Student Research on VCC Property
When John Sweet made the decision to donate his 400-acre Highland County farm to VCC, his hope was that the farm might be used to help educate future conservationists for generations to come. Less than a year after making the gift, Sweet’s vision had already become a reality when David Weisenbeck, a student at James Madison University, approached Sweet about the possibility of conducting a survey of reptiles and amphibians on the farm.
What began as a component of VCC board member Eric Fitzgerald’s “Valley to the Bay” class at JMU soon evolved into a nearly six month project during which Weisenbeck spent many late nights out in the woods and wetlands on Sweet’s farm. Over the course of the project, Weisenbeck gained an appreciation for the diversity of wildlife on the preserve. “It quickly became my herping spot,” he noted. “Each time I go out, I find something new.”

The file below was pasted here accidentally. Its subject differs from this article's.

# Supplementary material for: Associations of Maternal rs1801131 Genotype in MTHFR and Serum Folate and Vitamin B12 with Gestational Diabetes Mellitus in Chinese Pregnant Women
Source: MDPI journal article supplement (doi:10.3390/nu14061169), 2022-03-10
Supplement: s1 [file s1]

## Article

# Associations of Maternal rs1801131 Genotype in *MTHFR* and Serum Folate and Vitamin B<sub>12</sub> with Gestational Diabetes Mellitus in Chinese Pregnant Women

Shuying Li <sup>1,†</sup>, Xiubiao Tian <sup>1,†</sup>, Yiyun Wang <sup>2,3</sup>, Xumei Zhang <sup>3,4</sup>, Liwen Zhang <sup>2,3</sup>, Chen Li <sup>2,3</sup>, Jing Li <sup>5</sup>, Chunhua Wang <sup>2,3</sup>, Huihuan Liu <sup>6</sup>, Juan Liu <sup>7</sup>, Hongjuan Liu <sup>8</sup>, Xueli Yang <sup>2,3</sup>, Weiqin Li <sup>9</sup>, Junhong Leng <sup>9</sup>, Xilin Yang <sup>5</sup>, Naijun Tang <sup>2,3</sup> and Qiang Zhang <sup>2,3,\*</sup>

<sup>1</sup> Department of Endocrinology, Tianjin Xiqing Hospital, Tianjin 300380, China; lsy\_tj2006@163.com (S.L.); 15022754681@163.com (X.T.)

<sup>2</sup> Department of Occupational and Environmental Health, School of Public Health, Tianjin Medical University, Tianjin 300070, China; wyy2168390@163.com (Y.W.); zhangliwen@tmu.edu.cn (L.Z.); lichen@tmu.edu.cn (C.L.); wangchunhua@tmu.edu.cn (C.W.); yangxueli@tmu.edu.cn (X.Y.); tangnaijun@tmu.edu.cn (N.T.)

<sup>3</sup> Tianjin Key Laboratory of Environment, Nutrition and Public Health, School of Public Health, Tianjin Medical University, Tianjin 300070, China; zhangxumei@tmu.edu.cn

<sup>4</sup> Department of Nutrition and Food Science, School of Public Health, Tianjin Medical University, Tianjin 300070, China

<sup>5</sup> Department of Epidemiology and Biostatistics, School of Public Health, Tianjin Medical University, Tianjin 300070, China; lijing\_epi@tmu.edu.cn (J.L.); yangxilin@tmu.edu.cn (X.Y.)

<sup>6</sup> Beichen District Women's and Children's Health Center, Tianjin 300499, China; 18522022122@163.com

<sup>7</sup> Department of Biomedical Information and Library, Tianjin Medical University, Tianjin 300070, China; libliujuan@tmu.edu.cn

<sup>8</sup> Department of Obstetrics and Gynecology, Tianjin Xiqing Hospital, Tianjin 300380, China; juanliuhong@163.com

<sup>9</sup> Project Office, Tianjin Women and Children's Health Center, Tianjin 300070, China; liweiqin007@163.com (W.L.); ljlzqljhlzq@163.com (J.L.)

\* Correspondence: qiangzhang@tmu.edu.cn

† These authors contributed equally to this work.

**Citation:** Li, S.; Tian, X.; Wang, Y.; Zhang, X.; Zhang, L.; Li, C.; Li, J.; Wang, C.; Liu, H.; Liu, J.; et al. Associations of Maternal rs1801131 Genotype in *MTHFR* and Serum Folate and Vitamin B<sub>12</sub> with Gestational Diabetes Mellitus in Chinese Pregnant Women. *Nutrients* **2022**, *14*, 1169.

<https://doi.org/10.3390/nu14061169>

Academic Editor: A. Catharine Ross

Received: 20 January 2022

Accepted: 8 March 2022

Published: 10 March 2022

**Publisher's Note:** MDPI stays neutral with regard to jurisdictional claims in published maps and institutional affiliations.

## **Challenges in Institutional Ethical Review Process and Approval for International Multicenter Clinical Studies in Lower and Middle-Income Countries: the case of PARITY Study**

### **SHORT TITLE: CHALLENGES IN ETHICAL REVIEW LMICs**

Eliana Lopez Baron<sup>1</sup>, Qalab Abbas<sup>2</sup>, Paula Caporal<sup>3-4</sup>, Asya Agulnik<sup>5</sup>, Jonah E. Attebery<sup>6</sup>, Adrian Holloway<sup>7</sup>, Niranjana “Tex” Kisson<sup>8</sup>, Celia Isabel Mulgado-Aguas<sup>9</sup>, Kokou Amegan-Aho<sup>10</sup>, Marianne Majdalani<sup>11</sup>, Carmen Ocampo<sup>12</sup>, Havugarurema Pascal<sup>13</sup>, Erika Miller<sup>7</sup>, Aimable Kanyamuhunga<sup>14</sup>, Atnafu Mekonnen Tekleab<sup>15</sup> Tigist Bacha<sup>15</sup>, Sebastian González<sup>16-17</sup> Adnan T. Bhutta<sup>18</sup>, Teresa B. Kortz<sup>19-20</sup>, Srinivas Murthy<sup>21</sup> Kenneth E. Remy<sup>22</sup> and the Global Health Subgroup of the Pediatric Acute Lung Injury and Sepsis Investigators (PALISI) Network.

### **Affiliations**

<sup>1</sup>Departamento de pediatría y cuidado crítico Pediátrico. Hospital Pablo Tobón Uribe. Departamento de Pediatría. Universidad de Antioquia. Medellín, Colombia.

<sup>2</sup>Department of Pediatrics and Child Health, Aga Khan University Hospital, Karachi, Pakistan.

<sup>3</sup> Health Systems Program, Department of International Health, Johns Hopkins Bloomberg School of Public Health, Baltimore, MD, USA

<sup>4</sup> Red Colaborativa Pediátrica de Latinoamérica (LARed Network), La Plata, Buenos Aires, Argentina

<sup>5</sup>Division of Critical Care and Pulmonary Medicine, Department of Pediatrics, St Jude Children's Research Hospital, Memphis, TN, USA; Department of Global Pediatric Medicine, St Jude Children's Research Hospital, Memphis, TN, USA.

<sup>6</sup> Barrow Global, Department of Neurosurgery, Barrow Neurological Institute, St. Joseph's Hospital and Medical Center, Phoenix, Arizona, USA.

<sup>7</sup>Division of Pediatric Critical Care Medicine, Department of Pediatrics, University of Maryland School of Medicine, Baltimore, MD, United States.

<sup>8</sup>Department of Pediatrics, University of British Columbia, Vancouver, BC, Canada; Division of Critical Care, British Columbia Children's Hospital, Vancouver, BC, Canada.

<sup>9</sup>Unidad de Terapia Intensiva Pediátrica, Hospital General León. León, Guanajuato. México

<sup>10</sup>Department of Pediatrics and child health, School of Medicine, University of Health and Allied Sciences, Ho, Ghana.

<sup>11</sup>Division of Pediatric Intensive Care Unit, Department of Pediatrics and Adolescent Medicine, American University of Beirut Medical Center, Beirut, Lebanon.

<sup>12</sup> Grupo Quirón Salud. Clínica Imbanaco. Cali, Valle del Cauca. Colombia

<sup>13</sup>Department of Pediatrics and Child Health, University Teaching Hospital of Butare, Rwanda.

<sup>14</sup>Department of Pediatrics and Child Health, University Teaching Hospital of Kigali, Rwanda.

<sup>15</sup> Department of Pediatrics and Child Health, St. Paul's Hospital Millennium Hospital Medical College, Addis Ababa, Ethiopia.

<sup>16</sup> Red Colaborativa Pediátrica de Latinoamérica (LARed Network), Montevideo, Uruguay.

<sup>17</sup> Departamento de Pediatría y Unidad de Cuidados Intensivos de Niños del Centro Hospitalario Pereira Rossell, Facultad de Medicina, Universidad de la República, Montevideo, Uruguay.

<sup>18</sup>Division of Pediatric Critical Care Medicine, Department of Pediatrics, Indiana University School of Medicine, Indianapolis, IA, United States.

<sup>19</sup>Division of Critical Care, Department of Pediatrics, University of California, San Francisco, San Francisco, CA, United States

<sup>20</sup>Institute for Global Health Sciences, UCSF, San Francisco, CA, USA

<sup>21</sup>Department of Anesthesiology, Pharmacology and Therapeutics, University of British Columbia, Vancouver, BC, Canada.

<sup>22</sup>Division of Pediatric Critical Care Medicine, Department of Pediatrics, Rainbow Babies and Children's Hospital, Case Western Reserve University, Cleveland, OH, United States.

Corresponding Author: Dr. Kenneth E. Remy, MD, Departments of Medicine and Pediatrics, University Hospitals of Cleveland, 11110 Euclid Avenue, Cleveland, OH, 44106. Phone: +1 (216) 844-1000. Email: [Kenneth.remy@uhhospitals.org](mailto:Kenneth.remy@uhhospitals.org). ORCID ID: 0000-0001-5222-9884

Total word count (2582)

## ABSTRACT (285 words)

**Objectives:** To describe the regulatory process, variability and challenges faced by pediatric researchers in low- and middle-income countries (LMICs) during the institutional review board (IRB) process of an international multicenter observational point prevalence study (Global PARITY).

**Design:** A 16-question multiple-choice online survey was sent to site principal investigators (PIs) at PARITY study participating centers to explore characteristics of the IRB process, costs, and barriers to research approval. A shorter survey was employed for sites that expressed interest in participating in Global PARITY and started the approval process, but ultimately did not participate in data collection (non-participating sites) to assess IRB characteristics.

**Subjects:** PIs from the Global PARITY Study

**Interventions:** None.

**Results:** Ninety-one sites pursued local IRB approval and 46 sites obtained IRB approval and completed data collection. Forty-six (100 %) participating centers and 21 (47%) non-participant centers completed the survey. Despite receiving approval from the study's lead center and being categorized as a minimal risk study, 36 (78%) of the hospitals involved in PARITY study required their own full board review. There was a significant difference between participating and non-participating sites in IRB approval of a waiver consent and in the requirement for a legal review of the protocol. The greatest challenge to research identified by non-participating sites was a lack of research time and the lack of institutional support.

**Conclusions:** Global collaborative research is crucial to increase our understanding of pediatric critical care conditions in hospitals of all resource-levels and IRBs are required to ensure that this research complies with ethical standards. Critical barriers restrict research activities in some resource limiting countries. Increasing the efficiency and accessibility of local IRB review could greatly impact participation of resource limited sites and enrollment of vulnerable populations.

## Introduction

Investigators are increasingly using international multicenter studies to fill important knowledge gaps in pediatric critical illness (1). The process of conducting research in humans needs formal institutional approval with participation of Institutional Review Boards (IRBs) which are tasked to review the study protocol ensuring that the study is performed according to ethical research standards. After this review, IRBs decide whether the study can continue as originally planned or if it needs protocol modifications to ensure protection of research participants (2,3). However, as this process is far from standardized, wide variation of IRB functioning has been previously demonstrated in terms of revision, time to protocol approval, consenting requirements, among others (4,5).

The project has focused on identifying and documenting as many species as possible, mapping their presence so that future researchers can identify trends in diversity and distribution. The preserve is located at the intersection of several different habitats where multiple species overlap, so it can be a challenge to identify the species by sight alone. To aid in identification, Weisenbeck collects a specimen for preservation at JMU’s collections facility and takes tissue samples in order to analyze their genetics. Working with a labmate at JMU, he is then able to pinpoint the exact species found on the property.
Both Sweet and VCC are delighted with Weisenbeck’s work on the preserve. “Not only is this a great example of the educational opportunities generated by Mr. Sweet’s gift, but the project also provides VCC with baseline data that we can use to monitor change well into the future,” said VCC’s Scott Kelly of the project. “We’re grateful for David’s efforts and look forward to working with more rising conservationists to learn more about the Sweet Family Farm’s outstanding resources.”
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